Two federal judges issued rulings Friday in favor of Kentucky churches that want to hold in-person worship services, and a third court issued a similar ruling on Saturday.

U.S. District Judge Gregory Van Tatenhove granted a temporary restraining order Friday, preventing Gov. Andy Beshear from “enforcing the prohibition on mass gatherings with respect to any in-person religious service which adheres to applicable social distancing and hygiene guidelines.”

Van Tatenhove’s ruling will allow Tabernacle Baptist Church in Nicholasville, which filed the lawsuit against the governor, to meet in person, and it also applies to any other Kentucky congregation that follows the guidelines.

“Tabernacle Baptist Church wants to gather for corporate worship. They want to freely exercise their deeply held religious belief about what it means to be a faithful Christian. For them, it is ‘essential’ that they do so. And they want to invoke the Constitution’s protection on this point,” Van Tatenhove wrote in his opinion and order. “But the governor, by executive order, has put a stop to that. He can do that, but he must have a compelling reason for using his authority to limit a citizen’s right to freely exercise something we value greatly–the right of every American to follow their conscience on matters related to religion. … Despite an honest motive, it does not appear at this preliminary stage that reason exists.”

Tabernacle filed the lawsuit in federal court in Frankfort.

According to the order, Tabernacle has been holding drive-in and online worship services, but the congregation has a “sincerely held religious belief” that those forms of worship “do not meet the Lord’s requirement that the church meet together in person for corporate worship.”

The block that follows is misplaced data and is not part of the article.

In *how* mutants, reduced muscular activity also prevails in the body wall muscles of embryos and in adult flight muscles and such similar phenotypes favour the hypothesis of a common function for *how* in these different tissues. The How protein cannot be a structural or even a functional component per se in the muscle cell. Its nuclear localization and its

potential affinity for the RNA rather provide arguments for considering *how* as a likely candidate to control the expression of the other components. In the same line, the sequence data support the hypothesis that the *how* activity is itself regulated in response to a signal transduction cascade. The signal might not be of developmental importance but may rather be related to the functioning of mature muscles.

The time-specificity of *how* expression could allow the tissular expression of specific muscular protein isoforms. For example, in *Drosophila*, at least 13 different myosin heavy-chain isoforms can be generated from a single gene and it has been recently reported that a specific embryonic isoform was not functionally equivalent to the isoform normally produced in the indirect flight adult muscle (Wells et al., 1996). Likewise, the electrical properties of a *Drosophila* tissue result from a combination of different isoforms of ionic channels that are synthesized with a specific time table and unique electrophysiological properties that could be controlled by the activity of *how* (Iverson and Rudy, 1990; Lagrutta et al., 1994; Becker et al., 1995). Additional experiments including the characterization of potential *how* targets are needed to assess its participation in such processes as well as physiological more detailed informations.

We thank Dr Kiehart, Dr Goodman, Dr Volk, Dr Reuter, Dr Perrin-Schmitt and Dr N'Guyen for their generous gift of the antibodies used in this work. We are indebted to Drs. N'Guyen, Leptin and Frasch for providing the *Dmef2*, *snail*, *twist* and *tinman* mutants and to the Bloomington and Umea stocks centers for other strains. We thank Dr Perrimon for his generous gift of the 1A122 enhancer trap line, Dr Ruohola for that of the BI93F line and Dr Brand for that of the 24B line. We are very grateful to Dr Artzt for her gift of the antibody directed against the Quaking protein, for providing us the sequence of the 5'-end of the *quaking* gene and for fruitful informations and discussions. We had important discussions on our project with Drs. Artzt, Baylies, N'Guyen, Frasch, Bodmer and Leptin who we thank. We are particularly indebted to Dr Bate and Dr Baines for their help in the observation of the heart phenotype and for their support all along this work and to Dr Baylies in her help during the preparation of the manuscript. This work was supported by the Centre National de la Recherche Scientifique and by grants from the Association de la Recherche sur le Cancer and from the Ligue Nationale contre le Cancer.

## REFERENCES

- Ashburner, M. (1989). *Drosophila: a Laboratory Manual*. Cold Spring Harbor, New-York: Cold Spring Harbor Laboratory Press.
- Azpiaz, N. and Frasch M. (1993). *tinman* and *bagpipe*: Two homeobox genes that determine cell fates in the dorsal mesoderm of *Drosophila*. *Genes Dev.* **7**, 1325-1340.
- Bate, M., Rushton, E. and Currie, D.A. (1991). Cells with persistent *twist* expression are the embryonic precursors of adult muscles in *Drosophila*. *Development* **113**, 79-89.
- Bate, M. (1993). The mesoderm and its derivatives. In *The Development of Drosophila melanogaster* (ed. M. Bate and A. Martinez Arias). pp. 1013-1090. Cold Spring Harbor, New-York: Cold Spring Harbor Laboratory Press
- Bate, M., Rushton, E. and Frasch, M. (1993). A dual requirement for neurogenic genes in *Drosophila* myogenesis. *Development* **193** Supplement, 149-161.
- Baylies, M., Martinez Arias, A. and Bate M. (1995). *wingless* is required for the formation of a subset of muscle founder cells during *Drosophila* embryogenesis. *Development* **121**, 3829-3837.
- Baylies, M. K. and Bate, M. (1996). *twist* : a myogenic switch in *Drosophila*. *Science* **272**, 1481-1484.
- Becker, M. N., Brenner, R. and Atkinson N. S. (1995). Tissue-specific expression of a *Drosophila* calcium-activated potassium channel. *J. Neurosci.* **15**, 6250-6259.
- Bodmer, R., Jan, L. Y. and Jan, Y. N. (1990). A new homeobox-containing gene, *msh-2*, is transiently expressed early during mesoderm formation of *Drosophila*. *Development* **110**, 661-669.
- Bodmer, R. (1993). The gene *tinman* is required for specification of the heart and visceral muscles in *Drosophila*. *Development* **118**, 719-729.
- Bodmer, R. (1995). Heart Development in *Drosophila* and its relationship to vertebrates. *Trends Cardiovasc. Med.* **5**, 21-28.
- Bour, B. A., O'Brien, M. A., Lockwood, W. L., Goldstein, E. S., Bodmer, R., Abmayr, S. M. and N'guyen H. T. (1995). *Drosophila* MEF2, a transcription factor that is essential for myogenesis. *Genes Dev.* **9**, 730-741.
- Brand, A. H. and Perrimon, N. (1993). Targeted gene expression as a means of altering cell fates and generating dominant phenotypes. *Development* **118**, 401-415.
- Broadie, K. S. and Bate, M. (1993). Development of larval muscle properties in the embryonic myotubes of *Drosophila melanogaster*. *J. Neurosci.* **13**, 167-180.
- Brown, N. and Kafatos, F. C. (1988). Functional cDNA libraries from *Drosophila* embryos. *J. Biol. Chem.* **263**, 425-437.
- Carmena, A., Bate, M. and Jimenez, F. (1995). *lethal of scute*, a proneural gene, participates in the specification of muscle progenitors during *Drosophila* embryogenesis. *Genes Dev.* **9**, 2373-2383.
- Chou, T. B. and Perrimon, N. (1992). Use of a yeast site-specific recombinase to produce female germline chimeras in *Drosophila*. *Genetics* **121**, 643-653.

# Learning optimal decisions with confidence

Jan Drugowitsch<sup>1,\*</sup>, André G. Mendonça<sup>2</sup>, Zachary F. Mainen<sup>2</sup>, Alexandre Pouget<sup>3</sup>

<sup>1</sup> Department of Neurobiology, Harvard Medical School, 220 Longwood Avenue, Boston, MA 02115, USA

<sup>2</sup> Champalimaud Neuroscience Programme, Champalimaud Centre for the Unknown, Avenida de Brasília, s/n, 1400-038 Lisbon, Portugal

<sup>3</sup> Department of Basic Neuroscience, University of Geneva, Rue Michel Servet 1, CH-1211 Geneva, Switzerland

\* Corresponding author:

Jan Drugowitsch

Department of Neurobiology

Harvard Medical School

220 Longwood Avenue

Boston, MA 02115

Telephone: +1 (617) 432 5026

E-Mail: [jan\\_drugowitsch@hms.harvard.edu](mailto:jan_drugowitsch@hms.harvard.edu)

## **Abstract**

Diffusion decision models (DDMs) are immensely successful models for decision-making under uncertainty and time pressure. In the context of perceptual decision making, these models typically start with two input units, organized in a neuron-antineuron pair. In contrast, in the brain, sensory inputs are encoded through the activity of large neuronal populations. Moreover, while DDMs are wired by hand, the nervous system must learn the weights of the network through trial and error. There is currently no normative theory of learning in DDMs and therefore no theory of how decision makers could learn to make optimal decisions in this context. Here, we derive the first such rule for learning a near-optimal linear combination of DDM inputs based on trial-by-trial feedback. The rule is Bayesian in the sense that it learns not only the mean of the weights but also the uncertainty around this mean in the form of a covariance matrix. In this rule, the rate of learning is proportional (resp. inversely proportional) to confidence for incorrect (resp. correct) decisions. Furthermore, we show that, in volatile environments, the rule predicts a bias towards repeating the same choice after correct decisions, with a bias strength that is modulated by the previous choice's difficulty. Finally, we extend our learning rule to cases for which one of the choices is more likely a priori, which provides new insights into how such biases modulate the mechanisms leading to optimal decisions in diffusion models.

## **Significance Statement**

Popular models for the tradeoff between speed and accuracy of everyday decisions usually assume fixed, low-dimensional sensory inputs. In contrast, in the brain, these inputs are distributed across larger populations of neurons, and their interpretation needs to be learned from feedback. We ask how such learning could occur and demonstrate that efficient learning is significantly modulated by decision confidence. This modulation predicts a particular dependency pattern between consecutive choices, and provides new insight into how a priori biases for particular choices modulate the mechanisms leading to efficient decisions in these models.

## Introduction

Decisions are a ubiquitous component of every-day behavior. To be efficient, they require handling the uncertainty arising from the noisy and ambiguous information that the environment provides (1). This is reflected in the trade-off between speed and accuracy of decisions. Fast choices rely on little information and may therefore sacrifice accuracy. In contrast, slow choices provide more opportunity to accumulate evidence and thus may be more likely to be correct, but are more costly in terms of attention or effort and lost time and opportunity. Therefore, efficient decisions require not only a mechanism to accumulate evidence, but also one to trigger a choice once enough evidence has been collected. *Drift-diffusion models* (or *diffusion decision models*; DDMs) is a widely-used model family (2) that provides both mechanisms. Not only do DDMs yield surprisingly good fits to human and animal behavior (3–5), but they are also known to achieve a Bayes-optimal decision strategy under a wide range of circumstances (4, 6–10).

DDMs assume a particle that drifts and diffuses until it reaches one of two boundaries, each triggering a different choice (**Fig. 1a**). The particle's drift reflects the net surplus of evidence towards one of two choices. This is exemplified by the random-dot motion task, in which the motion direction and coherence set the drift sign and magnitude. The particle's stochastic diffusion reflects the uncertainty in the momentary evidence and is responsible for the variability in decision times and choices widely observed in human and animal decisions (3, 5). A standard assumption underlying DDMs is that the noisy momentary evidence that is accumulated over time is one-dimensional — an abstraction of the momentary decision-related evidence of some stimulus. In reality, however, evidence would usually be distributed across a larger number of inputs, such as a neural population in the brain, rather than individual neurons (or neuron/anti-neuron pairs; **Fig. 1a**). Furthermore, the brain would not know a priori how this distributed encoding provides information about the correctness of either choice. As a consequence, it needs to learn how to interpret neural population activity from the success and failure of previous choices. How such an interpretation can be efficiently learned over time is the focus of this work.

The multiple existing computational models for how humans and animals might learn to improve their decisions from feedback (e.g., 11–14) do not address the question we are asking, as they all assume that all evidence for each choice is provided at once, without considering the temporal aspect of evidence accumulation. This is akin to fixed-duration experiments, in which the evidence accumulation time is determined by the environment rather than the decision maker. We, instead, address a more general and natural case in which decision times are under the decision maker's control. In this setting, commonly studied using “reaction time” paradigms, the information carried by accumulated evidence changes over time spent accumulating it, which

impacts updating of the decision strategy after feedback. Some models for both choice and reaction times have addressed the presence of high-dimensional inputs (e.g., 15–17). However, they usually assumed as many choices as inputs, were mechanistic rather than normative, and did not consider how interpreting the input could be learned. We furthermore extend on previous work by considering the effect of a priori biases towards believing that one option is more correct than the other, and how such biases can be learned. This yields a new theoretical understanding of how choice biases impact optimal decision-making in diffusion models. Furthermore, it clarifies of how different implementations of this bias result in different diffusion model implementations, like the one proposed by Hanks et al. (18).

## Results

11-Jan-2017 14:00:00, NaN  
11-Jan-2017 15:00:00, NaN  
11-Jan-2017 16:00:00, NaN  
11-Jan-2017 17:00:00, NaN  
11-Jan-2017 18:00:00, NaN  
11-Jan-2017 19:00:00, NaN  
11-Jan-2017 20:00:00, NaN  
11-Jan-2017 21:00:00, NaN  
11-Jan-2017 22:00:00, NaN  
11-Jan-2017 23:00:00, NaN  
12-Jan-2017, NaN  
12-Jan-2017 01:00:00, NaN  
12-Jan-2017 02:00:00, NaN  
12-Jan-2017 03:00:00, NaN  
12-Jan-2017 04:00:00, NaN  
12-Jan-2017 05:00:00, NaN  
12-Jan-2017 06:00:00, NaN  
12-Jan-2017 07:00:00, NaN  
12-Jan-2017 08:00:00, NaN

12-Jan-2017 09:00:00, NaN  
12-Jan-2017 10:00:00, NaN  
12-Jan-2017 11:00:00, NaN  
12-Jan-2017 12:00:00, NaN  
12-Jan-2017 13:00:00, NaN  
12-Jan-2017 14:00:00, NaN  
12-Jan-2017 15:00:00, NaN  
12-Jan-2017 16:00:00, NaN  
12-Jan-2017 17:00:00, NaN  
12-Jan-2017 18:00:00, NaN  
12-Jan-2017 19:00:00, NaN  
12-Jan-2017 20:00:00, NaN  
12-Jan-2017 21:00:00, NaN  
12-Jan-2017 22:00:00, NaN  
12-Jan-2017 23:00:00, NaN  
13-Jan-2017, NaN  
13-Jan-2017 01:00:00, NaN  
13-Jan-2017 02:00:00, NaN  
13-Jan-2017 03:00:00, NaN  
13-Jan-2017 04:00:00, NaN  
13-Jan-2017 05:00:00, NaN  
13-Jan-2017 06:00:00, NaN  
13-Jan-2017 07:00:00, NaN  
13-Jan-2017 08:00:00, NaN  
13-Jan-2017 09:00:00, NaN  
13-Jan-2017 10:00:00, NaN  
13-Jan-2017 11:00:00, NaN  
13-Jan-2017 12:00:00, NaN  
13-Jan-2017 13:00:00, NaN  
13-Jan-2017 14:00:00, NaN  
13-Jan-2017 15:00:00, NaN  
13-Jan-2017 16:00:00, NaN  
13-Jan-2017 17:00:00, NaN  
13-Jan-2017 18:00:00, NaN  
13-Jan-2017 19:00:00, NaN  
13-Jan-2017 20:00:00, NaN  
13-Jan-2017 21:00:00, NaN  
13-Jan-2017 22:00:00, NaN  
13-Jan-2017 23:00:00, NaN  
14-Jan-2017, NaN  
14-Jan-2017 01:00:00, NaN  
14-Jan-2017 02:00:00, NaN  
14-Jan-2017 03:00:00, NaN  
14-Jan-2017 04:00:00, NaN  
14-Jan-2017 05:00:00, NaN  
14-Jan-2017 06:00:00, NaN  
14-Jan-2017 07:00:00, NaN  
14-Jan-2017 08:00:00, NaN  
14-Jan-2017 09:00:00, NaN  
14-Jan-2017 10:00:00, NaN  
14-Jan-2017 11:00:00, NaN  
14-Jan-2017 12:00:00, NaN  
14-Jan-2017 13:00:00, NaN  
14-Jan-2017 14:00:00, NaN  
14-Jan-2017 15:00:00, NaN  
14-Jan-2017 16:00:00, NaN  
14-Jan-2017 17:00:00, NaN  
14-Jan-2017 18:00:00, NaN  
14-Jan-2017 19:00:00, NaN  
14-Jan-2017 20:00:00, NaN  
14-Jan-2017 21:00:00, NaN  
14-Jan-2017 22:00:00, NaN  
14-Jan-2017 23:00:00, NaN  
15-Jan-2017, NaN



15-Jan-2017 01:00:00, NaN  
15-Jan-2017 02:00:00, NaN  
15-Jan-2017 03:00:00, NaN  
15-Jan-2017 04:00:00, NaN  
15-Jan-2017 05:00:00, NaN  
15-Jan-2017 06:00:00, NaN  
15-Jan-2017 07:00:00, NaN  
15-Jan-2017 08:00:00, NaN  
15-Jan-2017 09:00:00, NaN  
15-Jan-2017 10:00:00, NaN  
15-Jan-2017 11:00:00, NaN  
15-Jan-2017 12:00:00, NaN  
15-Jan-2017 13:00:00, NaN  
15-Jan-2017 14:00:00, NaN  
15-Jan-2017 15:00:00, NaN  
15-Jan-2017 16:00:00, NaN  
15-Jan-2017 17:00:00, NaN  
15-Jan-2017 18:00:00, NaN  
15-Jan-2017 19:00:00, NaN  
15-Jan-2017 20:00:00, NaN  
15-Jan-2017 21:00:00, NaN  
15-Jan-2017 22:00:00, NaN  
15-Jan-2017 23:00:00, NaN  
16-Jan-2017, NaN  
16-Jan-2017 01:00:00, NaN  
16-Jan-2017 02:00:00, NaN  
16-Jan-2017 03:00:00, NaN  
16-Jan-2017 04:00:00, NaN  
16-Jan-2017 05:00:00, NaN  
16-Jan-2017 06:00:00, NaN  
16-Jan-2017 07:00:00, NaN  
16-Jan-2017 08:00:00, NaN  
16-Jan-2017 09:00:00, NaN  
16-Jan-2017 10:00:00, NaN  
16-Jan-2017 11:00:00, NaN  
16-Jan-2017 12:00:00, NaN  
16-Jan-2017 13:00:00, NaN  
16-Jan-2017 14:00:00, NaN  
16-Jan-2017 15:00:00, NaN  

The church has said it will follow social distancing guidelines and the Centers for Disease Control’s guidelines for mass gatherings for in-person services, the order says.

“There is ample scientific evidence that COVID-19 is exceptionally contagious. But evidence that the risk of contagion is heightened in a religious setting any more than a secular one is lacking,” Van Tatenhove wrote. “If social distancing is good enough for Home Depot and Kroger, it is good enough for in-person religious services which, unlike the foregoing, benefit from constitutional protection.”

In the second ruling, U.S. District Judge David Hale granted an injunction allowing Maryville Baptist Church in Louisville to hold in-person worship services “so long as the church, its ministers, and its congregants adhere to public health requirements set by state officials.”

Hale had previously declined to grant the church’s request for a ruling allowing in-person services.

Attorneys for Beshear had argued that exempting churches from the ban on mass gatherings would thwart the effort to slow the spread of coronavirus, but Hale said in his order Friday that the governor had failed to show “that there was no other, less restrictive, way to achieve the same goals.”

And on Saturday, three judges for the U.S. Court of Appeals in Cincinnati granted Maryville an injunction pending appeal, which also allows in-person services at the church. The order said that three congregants wanted to meet for in-person worship on Sunday.

The same panel — Senior Judge David McKeague, Judge Jeffrey Sutton and Judge John Nalbandian — issued an order last weekend stating that state must allow the church’s drive-in services.

Beshear’s administration has said that churches may resume meeting in person beginning May 20 and on Friday released a list of requirements they should follow as they reopen.


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